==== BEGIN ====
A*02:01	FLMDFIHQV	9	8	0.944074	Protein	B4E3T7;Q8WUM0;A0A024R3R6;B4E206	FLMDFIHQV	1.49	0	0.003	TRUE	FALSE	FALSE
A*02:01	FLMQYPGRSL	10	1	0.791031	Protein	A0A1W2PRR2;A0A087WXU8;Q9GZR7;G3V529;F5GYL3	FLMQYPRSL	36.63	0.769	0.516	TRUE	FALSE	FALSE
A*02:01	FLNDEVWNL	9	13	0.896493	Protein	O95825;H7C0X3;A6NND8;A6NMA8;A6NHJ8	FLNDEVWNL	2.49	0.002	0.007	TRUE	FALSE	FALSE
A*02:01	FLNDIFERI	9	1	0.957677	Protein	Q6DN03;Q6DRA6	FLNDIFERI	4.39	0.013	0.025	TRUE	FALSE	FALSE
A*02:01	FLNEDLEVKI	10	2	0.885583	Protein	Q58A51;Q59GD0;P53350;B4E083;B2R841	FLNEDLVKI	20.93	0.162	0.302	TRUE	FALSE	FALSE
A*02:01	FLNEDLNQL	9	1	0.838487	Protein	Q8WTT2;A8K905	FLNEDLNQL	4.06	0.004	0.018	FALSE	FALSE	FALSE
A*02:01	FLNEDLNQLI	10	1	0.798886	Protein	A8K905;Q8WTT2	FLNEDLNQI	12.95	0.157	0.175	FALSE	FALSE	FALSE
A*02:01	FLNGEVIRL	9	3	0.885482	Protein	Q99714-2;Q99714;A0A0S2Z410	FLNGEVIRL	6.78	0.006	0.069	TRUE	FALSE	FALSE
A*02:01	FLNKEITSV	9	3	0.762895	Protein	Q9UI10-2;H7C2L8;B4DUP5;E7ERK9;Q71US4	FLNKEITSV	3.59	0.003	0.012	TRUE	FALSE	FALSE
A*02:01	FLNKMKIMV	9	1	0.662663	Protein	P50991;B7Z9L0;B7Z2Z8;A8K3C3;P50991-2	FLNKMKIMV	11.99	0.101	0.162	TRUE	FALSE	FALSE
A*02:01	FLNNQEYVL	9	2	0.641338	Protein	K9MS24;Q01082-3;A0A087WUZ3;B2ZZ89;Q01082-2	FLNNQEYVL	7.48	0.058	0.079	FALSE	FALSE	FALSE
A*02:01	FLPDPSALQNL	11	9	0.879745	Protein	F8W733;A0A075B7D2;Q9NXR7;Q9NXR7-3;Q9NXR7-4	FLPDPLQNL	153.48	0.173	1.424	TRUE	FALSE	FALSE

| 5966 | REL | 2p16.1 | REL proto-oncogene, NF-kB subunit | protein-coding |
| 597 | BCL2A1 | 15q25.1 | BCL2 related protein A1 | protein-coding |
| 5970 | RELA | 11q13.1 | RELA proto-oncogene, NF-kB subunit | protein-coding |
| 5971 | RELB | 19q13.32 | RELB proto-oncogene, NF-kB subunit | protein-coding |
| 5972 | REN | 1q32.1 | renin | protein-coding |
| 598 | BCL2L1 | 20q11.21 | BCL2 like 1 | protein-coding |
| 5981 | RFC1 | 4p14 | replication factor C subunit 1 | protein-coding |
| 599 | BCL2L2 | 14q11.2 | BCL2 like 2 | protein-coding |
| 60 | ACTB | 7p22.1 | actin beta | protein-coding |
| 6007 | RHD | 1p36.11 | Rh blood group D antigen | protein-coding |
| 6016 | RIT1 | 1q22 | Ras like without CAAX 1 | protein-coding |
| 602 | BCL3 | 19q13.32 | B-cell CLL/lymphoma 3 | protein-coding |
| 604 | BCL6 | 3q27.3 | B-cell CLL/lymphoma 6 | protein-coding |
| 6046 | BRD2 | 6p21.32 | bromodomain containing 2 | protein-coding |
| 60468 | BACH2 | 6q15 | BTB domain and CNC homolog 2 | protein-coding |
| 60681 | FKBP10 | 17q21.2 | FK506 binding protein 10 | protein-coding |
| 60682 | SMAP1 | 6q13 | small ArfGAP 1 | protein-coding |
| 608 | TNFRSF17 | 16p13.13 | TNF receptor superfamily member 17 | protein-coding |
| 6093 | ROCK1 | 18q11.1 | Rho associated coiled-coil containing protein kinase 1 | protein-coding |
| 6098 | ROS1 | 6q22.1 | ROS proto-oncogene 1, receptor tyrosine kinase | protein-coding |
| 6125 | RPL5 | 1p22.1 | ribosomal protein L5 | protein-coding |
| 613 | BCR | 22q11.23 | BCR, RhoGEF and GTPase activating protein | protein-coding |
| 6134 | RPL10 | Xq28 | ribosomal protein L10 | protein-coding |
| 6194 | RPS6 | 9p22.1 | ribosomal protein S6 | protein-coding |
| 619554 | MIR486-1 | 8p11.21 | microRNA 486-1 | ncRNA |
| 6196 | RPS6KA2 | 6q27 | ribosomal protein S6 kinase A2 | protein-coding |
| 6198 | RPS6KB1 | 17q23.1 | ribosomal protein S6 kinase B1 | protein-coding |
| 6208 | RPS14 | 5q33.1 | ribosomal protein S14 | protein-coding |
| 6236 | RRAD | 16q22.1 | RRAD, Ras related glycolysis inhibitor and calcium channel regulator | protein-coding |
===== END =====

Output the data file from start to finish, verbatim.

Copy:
A*02:01	FLMDFIHQV	9	8	0.944074	Protein	B4E3T7;Q8WUM0;A0A024R3R6;B4E206	FLMDFIHQV	1.49	0	0.003	TRUE	FALSE	FALSE
A*02:01	FLMQYPGRSL	10	1	0.791031	Protein	A0A1W2PRR2;A0A087WXU8;Q9GZR7;G3V529;F5GYL3	FLMQYPRSL	36.63	0.769	0.516	TRUE	FALSE	FALSE
A*02:01	FLNDEVWNL	9	13	0.896493	Protein	O95825;H7C0X3;A6NND8;A6NMA8;A6NHJ8	FLNDEVWNL	2.49	0.002	0.007	TRUE	FALSE	FALSE
A*02:01	FLNDIFERI	9	1	0.957677	Protein	Q6DN03;Q6DRA6	FLNDIFERI	4.39	0.013	0.025	TRUE	FALSE	FALSE
A*02:01	FLNEDLEVKI	10	2	0.885583	Protein	Q58A51;Q59GD0;P53350;B4E083;B2R841	FLNEDLVKI	20.93	0.162	0.302	TRUE	FALSE	FALSE
A*02:01	FLNEDLNQL	9	1	0.838487	Protein	Q8WTT2;A8K905	FLNEDLNQL	4.06	0.004	0.018	FALSE	FALSE	FALSE
A*02:01	FLNEDLNQLI	10	1	0.798886	Protein	A8K905;Q8WTT2	FLNEDLNQI	12.95	0.157	0.175	FALSE	FALSE	FALSE
A*02:01	FLNGEVIRL	9	3	0.885482	Protein	Q99714-2;Q99714;A0A0S2Z410	FLNGEVIRL	6.78	0.006	0.069	TRUE	FALSE	FALSE
A*02:01	FLNKEITSV	9	3	0.762895	Protein	Q9UI10-2;H7C2L8;B4DUP5;E7ERK9;Q71US4	FLNKEITSV	3.59	0.003	0.012	TRUE	FALSE	FALSE
A*02:01	FLNKMKIMV	9	1	0.662663	Protein	P50991;B7Z9L0;B7Z2Z8;A8K3C3;P50991-2	FLNKMKIMV	11.99	0.101	0.162	TRUE	FALSE	FALSE
A*02:01	FLNNQEYVL	9	2	0.641338	Protein	K9MS24;Q01082-3;A0A087WUZ3;B2ZZ89;Q01082-2	FLNNQEYVL	7.48	0.058	0.079	FALSE	FALSE	FALSE
A*02:01	FLPDPSALQNL	11	9	0.879745	Protein	F8W733;A0A075B7D2;Q9NXR7;Q9NXR7-3;Q9NXR7-4	FLPDPLQNL	153.48	0.173	1.424	TRUE	FALSE	FALSE

| 5966 | REL | 2p16.1 | REL proto-oncogene, NF-kB subunit | protein-coding |
| 597 | BCL2A1 | 15q25.1 | BCL2 related protein A1 | protein-coding |
| 5970 | RELA | 11q13.1 | RELA proto-oncogene, NF-kB subunit | protein-coding |
| 5971 | RELB | 19q13.32 | RELB proto-oncogene, NF-kB subunit | protein-coding |
| 5972 | REN | 1q32.1 | renin | protein-coding |
| 598 | BCL2L1 | 20q11.21 | BCL2 like 1 | protein-coding |
| 5981 | RFC1 | 4p14 | replication factor C subunit 1 | protein-coding |
| 599 | BCL2L2 | 14q11.2 | BCL2 like 2 | protein-coding |
| 60 | ACTB | 7p22.1 | actin beta | protein-coding |
| 6007 | RHD | 1p36.11 | Rh blood group D antigen | protein-coding |
| 6016 | RIT1 | 1q22 | Ras like without CAAX 1 | protein-coding |
| 602 | BCL3 | 19q13.32 | B-cell CLL/lymphoma 3 | protein-coding |
| 604 | BCL6 | 3q27.3 | B-cell CLL/lymphoma 6 | protein-coding |
| 6046 | BRD2 | 6p21.32 | bromodomain containing 2 | protein-coding |
| 60468 | BACH2 | 6q15 | BTB domain and CNC homolog 2 | protein-coding |
| 60681 | FKBP10 | 17q21.2 | FK506 binding protein 10 | protein-coding |
| 60682 | SMAP1 | 6q13 | small ArfGAP 1 | protein-coding |
| 608 | TNFRSF17 | 16p13.13 | TNF receptor superfamily member 17 | protein-coding |
| 6093 | ROCK1 | 18q11.1 | Rho associated coiled-coil containing protein kinase 1 | protein-coding |
| 6098 | ROS1 | 6q22.1 | ROS proto-oncogene 1, receptor tyrosine kinase | protein-coding |
| 6125 | RPL5 | 1p22.1 | ribosomal protein L5 | protein-coding |
| 613 | BCR | 22q11.23 | BCR, RhoGEF and GTPase activating protein | protein-coding |
| 6134 | RPL10 | Xq28 | ribosomal protein L10 | protein-coding |
| 6194 | RPS6 | 9p22.1 | ribosomal protein S6 | protein-coding |
| 619554 | MIR486-1 | 8p11.21 | microRNA 486-1 | ncRNA |
| 6196 | RPS6KA2 | 6q27 | ribosomal protein S6 kinase A2 | protein-coding |
| 6198 | RPS6KB1 | 17q23.1 | ribosomal protein S6 kinase B1 | protein-coding |
| 6208 | RPS14 | 5q33.1 | ribosomal protein S14 | protein-coding |
| 6236 | RRAD | 16q22.1 | RRAD, Ras related glycolysis inhibitor and calcium channel regulator | protein-coding |